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How to Pick Out the Best Christmas Tree

Tips for the best evergreen ever.

christmas tree being carried at sunset
Photography by: svetikd/Getty

Charlie Brown may have a soft spot for ugly Christmas trees, but not you. 

 

No, you want the perfect tree. The one that people spot through the window and can’t help but admire. The one with branches so bushy that the ornaments feel lucky. The one that leaves even seen-it-all Santa speechless.

 

Well, you’re in luck. Here, we gathered expert tips for how pick out the prettiest pines and fanciest firs.

 

If You’re Chopping Down Your Own

Chopping down your own Christmas tree can be a great holiday tradition to start with the family. But before you pack everyone up and head to the farm, it pays to prepare.

 

Before leaving home, measure the space where you’ll place the tree, as well as your front door. Trees have a way of looking (much, much) smaller out in the wild, and you don’t want to pull a Clark Griswold. Bring the measuring tape with you, as well as rope to secure the tree to your car. Some farms will provide saws, but others are BYO.

 

One you arrive, don’t be tempted to chop down the first tree that catches your eye. As the season wears on, the trees closest to the parking lot may be picked over. If you can forget how cold your toes are, it’s worth hiking a little further along.

 

If You’re Buying From a Lot

There’s no shame in buying your Christmas tree from a lot—we’re not all lumberjacks. Just make sure to select a fresh, healthy tree.

 

“No matter what type of tree you select, you want the needles to be green and supple and the branches to be pliable,” advises Tim O’Connor, executive director of the National Christmas Tree Association, a trade organization representing more than 700 farms. “If it’s already dry, it’s not going to last long.”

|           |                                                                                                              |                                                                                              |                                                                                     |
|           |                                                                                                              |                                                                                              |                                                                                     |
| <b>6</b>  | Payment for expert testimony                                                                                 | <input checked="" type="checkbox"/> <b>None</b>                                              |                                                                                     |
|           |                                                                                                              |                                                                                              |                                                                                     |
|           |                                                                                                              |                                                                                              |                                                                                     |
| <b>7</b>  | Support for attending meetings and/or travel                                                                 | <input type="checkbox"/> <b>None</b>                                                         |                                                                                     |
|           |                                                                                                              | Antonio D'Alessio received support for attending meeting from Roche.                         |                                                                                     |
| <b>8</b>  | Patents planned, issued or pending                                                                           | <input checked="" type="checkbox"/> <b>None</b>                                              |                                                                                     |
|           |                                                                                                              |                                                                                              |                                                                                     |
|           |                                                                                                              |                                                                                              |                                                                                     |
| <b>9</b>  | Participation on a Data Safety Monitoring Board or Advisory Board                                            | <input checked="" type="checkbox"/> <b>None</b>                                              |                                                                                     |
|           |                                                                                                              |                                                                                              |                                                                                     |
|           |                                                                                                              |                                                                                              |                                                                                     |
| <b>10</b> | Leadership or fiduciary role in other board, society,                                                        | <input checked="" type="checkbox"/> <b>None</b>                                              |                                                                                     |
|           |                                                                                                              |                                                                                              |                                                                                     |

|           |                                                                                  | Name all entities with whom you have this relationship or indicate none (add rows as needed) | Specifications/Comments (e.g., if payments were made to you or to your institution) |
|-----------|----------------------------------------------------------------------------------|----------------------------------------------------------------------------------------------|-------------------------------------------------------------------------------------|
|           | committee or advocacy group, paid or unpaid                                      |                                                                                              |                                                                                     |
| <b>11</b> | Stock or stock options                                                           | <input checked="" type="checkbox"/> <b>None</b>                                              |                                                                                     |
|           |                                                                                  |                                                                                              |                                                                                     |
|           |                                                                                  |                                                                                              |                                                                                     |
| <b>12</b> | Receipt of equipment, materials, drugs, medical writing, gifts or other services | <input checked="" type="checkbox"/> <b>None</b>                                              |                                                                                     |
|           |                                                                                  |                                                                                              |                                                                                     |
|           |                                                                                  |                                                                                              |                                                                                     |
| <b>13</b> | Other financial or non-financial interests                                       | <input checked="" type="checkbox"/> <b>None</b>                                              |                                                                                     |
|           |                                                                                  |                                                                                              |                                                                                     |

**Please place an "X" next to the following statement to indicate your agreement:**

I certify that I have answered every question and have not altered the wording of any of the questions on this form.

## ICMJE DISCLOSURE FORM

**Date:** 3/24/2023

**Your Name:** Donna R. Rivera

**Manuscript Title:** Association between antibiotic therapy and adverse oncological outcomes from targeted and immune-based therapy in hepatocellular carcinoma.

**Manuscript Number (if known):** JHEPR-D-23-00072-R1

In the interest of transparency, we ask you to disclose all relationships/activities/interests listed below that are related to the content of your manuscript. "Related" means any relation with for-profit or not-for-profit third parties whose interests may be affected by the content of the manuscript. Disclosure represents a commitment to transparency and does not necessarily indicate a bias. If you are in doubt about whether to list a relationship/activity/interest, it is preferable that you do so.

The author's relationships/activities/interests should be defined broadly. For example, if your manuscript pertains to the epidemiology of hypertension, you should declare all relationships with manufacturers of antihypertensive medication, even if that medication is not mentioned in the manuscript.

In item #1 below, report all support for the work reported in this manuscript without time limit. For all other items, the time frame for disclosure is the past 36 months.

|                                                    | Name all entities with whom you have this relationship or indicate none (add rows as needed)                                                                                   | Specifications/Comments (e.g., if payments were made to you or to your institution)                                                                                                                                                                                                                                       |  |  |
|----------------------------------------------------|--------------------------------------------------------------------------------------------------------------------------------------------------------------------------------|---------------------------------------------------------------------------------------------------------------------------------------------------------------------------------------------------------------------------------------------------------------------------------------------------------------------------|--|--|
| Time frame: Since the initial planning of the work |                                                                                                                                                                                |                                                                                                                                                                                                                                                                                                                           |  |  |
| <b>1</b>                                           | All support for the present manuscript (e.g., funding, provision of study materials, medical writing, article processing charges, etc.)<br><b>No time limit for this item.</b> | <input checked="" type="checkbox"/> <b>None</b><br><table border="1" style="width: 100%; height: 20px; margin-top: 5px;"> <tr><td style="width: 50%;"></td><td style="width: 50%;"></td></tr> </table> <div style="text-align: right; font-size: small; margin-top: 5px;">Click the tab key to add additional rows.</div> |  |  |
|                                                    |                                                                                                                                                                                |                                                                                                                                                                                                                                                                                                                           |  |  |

Ask the nursery owner or lot attendant when the trees were delivered. While some sellers receive all of their trees at once, others will have shipments scheduled throughout the season. Ideally, you want a tree from the most recent delivery.

 

Then, inspect your prospective tree:

  •  Run a branch through your hand. If the needles fall off or the branch seems overly brittle, move on.

  •  Give it a sniff. Does the tree smell musty? If so, it’s been cut and stored for too long already, and you should select another.

  •  Inspect the bark. Wrinkled bark is another sign of a thirsty, dried out tree.

  •  Gently bounce it. While it’s normal for some needles to fall off, an excessive amount shouldn’t jump ship when you move the tree.

Again, a measuring tape wouldn’t hurt—it can be easy to get carried away during the holidays.

 

[CARE: Learn How Often To Water A Christmas Tree]
foggy sky with pointy pine christmas trees
Photography by: Helaine Weide/Getty

Which Type of Tree?

Christmas tree selections vary by area. Most regions, however, will have a mix of various types of firs, pines and spruces available at conventional lots.

 

When it comes to health and longevity, the type of tree isn’t much of a factor. “We’ve gotten pretty good at farming Christmas trees,” says O’Connor. “With the proper care, almost every species should last four to six weeks.”

 

You might, however, consider your decor style before selecting one species over another. Fraser firs, for example, have sturdy branches, making them ideal for hanging heavier ornaments. Eastern white pines, by comparison, have feathery branches that are better suited for delicate decorations. Lightweight branches can also make for charming garland and table decor, something to keep in mind if you’d like to get the most from your evergreen.

 

A Word About Bugs

It’s unlikely that your Christmas tree has bugs—but it’s possible.

 

“If you have a live tree, there’s always a chance that there may be bugs living in it,” says Dr. Michael Skvarla, the director of insect identification at Penn State University’s entomology department. 

 

Luckily, you can greatly reduce your chance of holiday hitchhikers by inspecting your tree before bringing it home. Prune off any branches that have white flocking (a sign of pine bark adelgids) or walnut-sized brown masses (which are likely praying mantis egg sacks). You’ll also want to remove any bird nests, which could harbor mites or parasites.

 

Some Christmas tree retailers have mechanical shakers specially designed to evict pests. But if yours doesn’t, Skvarla says shaking it by hand should do the trick.

 

[LEARN: What to Do If You Find Bugs In Your Christmas Tree]